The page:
Chuck Schumer doesn’t like to take risks. Now minority leader of the U.S. Senate, he’s built a career out of skirting controversy. When it was in vogue, he was a tough-on-crime Democrat and tireless defender of Wall Street, only edging left when political currents made such blatant triangulating less tenable.
A good party soldier, he has nevertheless avoided the messy and necessary fights in his backyard. The latest galling example is his failure to apply any pressure to the Independent Democratic Conference, an eight-member breakaway group that has kept Republicans in the state senate majority. As national Democrats, including Congressman Keith Ellison of Minnesota, and Democratic members of New York’s House delegation call on the IDC to form a Democratic majority after senate Democrats once more secured a numerical edge over the GOP, Schumer has remained conspicuously silent. He declined repeated requests from the Voice to comment on the IDC’s Republican alliance.
On one hand, this might seem surprising. Schumer is a Democratic stalwart. He once led the Democratic Senatorial Campaign Committee, laying the groundwork for his party’s take-over of the upper chamber in 2006. He’s well-liked by most of his colleagues. He has warm relationships with some veteran Republicans, but bipartisanship was once very common in the old Washington. Working with a Republican never meant you were selling out your own party.
Avoiding the muck of state politics has made Schumer both popular and somewhat irrelevant back home. Sure, everyone knows his name, he’s sponsored a raft of legislation, and helped wrangle a sizable amount of federal money for New York State over the years. Yet anyone paying attention knows all politics and policy in the Empire State is guided by Governor Andrew Cuomo, who has consolidated and wielded power like few other executives before him. From schools to transportation to infrastructure, from the composition of the state legislature to how many crumbs New York City needs to beg for in Albany — all of it, really, is determined by the whims of Cuomo. Schumer, despite his appearance in various power rankings, is a bit player.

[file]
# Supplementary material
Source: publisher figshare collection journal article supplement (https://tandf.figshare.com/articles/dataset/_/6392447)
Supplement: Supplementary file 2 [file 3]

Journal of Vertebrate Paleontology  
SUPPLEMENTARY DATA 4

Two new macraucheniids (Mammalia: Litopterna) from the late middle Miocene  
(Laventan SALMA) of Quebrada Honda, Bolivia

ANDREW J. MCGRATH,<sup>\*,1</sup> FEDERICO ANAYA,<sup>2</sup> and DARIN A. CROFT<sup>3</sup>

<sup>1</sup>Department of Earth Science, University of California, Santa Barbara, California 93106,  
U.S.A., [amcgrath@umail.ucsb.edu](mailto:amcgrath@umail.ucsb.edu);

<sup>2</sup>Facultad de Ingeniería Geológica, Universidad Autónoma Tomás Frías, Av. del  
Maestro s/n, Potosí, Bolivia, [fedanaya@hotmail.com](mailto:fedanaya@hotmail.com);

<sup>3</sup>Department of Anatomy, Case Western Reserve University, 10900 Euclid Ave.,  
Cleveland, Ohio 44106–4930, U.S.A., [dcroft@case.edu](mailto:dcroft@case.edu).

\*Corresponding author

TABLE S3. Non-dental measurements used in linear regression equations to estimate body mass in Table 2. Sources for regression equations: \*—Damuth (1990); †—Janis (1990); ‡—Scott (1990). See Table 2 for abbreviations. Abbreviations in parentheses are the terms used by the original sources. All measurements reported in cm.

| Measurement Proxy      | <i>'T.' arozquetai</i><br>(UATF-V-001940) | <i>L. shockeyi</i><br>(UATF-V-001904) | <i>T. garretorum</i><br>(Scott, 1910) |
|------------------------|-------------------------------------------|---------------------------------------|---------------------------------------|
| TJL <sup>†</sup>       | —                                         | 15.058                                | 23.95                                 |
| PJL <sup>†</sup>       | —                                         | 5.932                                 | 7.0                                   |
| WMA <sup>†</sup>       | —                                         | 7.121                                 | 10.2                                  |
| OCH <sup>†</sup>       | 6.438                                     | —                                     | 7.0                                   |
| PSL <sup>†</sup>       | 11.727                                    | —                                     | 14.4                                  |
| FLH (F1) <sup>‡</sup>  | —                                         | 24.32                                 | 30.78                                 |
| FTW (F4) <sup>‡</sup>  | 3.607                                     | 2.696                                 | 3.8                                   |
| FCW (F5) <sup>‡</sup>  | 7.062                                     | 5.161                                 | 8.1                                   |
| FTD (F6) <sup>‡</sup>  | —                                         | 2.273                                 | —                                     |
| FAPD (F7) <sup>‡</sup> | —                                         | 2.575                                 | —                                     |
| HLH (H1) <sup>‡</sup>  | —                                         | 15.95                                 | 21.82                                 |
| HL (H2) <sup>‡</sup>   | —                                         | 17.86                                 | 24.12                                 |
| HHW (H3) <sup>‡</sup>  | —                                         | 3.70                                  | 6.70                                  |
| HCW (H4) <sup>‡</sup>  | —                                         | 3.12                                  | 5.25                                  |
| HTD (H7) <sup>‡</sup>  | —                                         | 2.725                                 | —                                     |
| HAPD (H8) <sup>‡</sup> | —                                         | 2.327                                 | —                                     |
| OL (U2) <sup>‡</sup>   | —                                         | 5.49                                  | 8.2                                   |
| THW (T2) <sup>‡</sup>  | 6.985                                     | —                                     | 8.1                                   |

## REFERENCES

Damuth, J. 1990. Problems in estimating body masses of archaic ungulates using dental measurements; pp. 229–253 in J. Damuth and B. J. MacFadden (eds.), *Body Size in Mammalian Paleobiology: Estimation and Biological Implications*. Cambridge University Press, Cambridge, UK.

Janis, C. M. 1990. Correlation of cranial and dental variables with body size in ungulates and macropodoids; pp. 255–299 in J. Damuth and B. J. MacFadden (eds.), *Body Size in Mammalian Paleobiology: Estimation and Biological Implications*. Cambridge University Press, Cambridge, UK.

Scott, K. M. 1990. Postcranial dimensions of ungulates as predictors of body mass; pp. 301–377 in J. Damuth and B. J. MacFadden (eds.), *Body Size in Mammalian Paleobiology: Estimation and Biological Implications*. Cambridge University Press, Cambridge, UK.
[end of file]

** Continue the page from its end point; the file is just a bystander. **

The IDC, which has partnered with conservative senate Republicans for more than four years, exists at the pleasure of Cuomo, who has rarely campaigned for or spent significant cash on mainline Democrats. Albany insiders say Cuomo, along with the IDC’s leader, Jeff Klein, was central to the breakaway group’s founding in 2011 and enjoyed having a bloc in the senate to frustrate overly liberal initiatives. As long as the legislature remains divided, it can’t unite against the executive office.
Schumer’s hesitancy to weigh in may be a rare instance of a cautious politician misreading the moment. Progressive activists, who have protested outside his Park Slope home to demand he more forcefully stand up to Donald Trump, are now rallying against the IDC. Most members of the conference have endured raucous protests, and anti-IDC chapters exist in almost every borough. The Working Families Party decided to throw its weight behind an opposition movement. Mayor Bill de Blasio, who is stuck between cozying up to Klein to get his agenda through Albany and trying to be a progressive leader, is explicit about wanting the IDC to form a Democratic majority.
The IDC has argued that it tamed Albany dysfunction and pushed forward enough progressive priorities, like de Blasio’s universal pre-K and a minimum wage hike. It says it can’t return to the Democratic fold until one rogue conservative Democrat, Simcha Felder of Brooklyn, does so first, and attacked members of the mainline Democrats who aren’t pro-choice. But Felder, who only wants to sit in a majority, said in a recent letter that he wanted the IDC to partner with Democrats. He’s waiting on them to make the first move.
Given all this, what can Schumer do? What should he do? As a Democrat of serious national standing, he should demand the IDC form a Democratic majority. He should pressure Cuomo to do the same. The IDC can ignore members of Congress without much name recognition or clout on the national scene. Spitting in Schumer’s face is a harder thing to do.
For anyone on the left, justifying the existence of the IDC makes little sense. Senate Democrats, many of whom were elected after the legislative chaos of 2009 and 2010, are capable enough of governing the upper chamber. They stand ready to send single-payer healthcare legislation and much-needed campaign finance reform to Cuomo’s desk. They don’t need the IDC to stifle Republican bills because that’s what the state assembly, in Democratic hands eternally, is for.
Schumer has never been comfortable with the left wing of his party, but he knows well enough when it makes sense to respond to the grassroots. The longer he waits, the more out of touch he’ll be. Press conferences on United Airlines and yogurt just won’t cut it anymore.
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